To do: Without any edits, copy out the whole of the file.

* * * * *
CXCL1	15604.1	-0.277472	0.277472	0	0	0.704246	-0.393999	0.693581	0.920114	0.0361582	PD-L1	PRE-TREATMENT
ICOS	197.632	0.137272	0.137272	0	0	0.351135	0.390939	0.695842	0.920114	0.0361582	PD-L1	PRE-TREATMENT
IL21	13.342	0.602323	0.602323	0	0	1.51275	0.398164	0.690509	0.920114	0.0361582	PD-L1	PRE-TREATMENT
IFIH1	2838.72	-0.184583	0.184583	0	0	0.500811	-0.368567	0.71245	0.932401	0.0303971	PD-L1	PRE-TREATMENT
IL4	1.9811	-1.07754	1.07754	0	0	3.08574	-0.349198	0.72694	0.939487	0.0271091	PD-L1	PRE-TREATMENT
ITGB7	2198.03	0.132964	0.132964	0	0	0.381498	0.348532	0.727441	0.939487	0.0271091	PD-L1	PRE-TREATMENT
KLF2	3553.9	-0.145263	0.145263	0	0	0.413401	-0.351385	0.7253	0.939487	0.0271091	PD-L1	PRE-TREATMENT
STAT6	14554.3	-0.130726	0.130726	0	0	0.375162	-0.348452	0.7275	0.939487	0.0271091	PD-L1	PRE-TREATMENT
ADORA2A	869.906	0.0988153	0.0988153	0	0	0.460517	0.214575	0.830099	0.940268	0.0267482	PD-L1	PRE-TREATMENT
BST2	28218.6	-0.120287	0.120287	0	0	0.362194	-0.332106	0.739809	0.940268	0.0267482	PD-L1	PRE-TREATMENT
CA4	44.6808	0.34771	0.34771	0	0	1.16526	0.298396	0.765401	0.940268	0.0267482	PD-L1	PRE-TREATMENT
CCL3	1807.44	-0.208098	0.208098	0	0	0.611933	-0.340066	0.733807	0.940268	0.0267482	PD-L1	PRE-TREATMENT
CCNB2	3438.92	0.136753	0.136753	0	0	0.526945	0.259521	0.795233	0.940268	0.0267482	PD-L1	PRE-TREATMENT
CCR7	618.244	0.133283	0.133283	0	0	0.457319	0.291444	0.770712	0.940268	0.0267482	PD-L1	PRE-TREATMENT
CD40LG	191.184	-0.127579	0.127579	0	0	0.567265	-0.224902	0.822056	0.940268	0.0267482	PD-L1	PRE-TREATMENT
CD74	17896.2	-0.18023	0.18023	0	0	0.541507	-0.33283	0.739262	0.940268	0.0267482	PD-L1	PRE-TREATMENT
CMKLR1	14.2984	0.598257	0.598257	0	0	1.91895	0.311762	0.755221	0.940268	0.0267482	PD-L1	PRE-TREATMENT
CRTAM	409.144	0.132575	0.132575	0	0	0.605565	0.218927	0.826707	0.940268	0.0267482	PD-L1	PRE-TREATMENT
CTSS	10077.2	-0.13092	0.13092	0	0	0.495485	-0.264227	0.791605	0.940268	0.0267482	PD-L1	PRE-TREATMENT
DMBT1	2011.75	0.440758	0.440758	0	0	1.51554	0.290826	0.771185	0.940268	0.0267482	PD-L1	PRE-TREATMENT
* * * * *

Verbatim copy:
CXCL1	15604.1	-0.277472	0.277472	0	0	0.704246	-0.393999	0.693581	0.920114	0.0361582	PD-L1	PRE-TREATMENT
ICOS	197.632	0.137272	0.137272	0	0	0.351135	0.390939	0.695842	0.920114	0.0361582	PD-L1	PRE-TREATMENT
IL21	13.342	0.602323	0.602323	0	0	1.51275	0.398164	0.690509	0.920114	0.0361582	PD-L1	PRE-TREATMENT
IFIH1	2838.72	-0.184583	0.184583	0	0	0.500811	-0.368567	0.71245	0.932401	0.0303971	PD-L1	PRE-TREATMENT
IL4	1.9811	-1.07754	1.07754	0	0	3.08574	-0.349198	0.72694	0.939487	0.0271091	PD-L1	PRE-TREATMENT
ITGB7	2198.03	0.132964	0.132964	0	0	0.381498	0.348532	0.727441	0.939487	0.0271091	PD-L1	PRE-TREATMENT
KLF2	3553.9	-0.145263	0.145263	0	0	0.413401	-0.351385	0.7253	0.939487	0.0271091	PD-L1	PRE-TREATMENT
STAT6	14554.3	-0.130726	0.130726	0	0	0.375162	-0.348452	0.7275	0.939487	0.0271091	PD-L1	PRE-TREATMENT
ADORA2A	869.906	0.0988153	0.0988153	0	0	0.460517	0.214575	0.830099	0.940268	0.0267482	PD-L1	PRE-TREATMENT
BST2	28218.6	-0.120287	0.120287	0	0	0.362194	-0.332106	0.739809	0.940268	0.0267482	PD-L1	PRE-TREATMENT
CA4	44.6808	0.34771	0.34771	0	0	1.16526	0.298396	0.765401	0.940268	0.0267482	PD-L1	PRE-TREATMENT
CCL3	1807.44	-0.208098	0.208098	0	0	0.611933	-0.340066	0.733807	0.940268	0.0267482	PD-L1	PRE-TREATMENT
CCNB2	3438.92	0.136753	0.136753	0	0	0.526945	0.259521	0.795233	0.940268	0.0267482	PD-L1	PRE-TREATMENT
CCR7	618.244	0.133283	0.133283	0	0	0.457319	0.291444	0.770712	0.940268	0.0267482	PD-L1	PRE-TREATMENT
CD40LG	191.184	-0.127579	0.127579	0	0	0.567265	-0.224902	0.822056	0.940268	0.0267482	PD-L1	PRE-TREATMENT
CD74	17896.2	-0.18023	0.18023	0	0	0.541507	-0.33283	0.739262	0.940268	0.0267482	PD-L1	PRE-TREATMENT
CMKLR1	14.2984	0.598257	0.598257	0	0	1.91895	0.311762	0.755221	0.940268	0.0267482	PD-L1	PRE-TREATMENT
CRTAM	409.144	0.132575	0.132575	0	0	0.605565	0.218927	0.826707	0.940268	0.0267482	PD-L1	PRE-TREATMENT
CTSS	10077.2	-0.13092	0.13092	0	0	0.495485	-0.264227	0.791605	0.940268	0.0267482	PD-L1	PRE-TREATMENT
DMBT1	2011.75	0.440758	0.440758	0	0	1.51554	0.290826	0.771185	0.940268	0.0267482	PD-L1	PRE-TREATMENT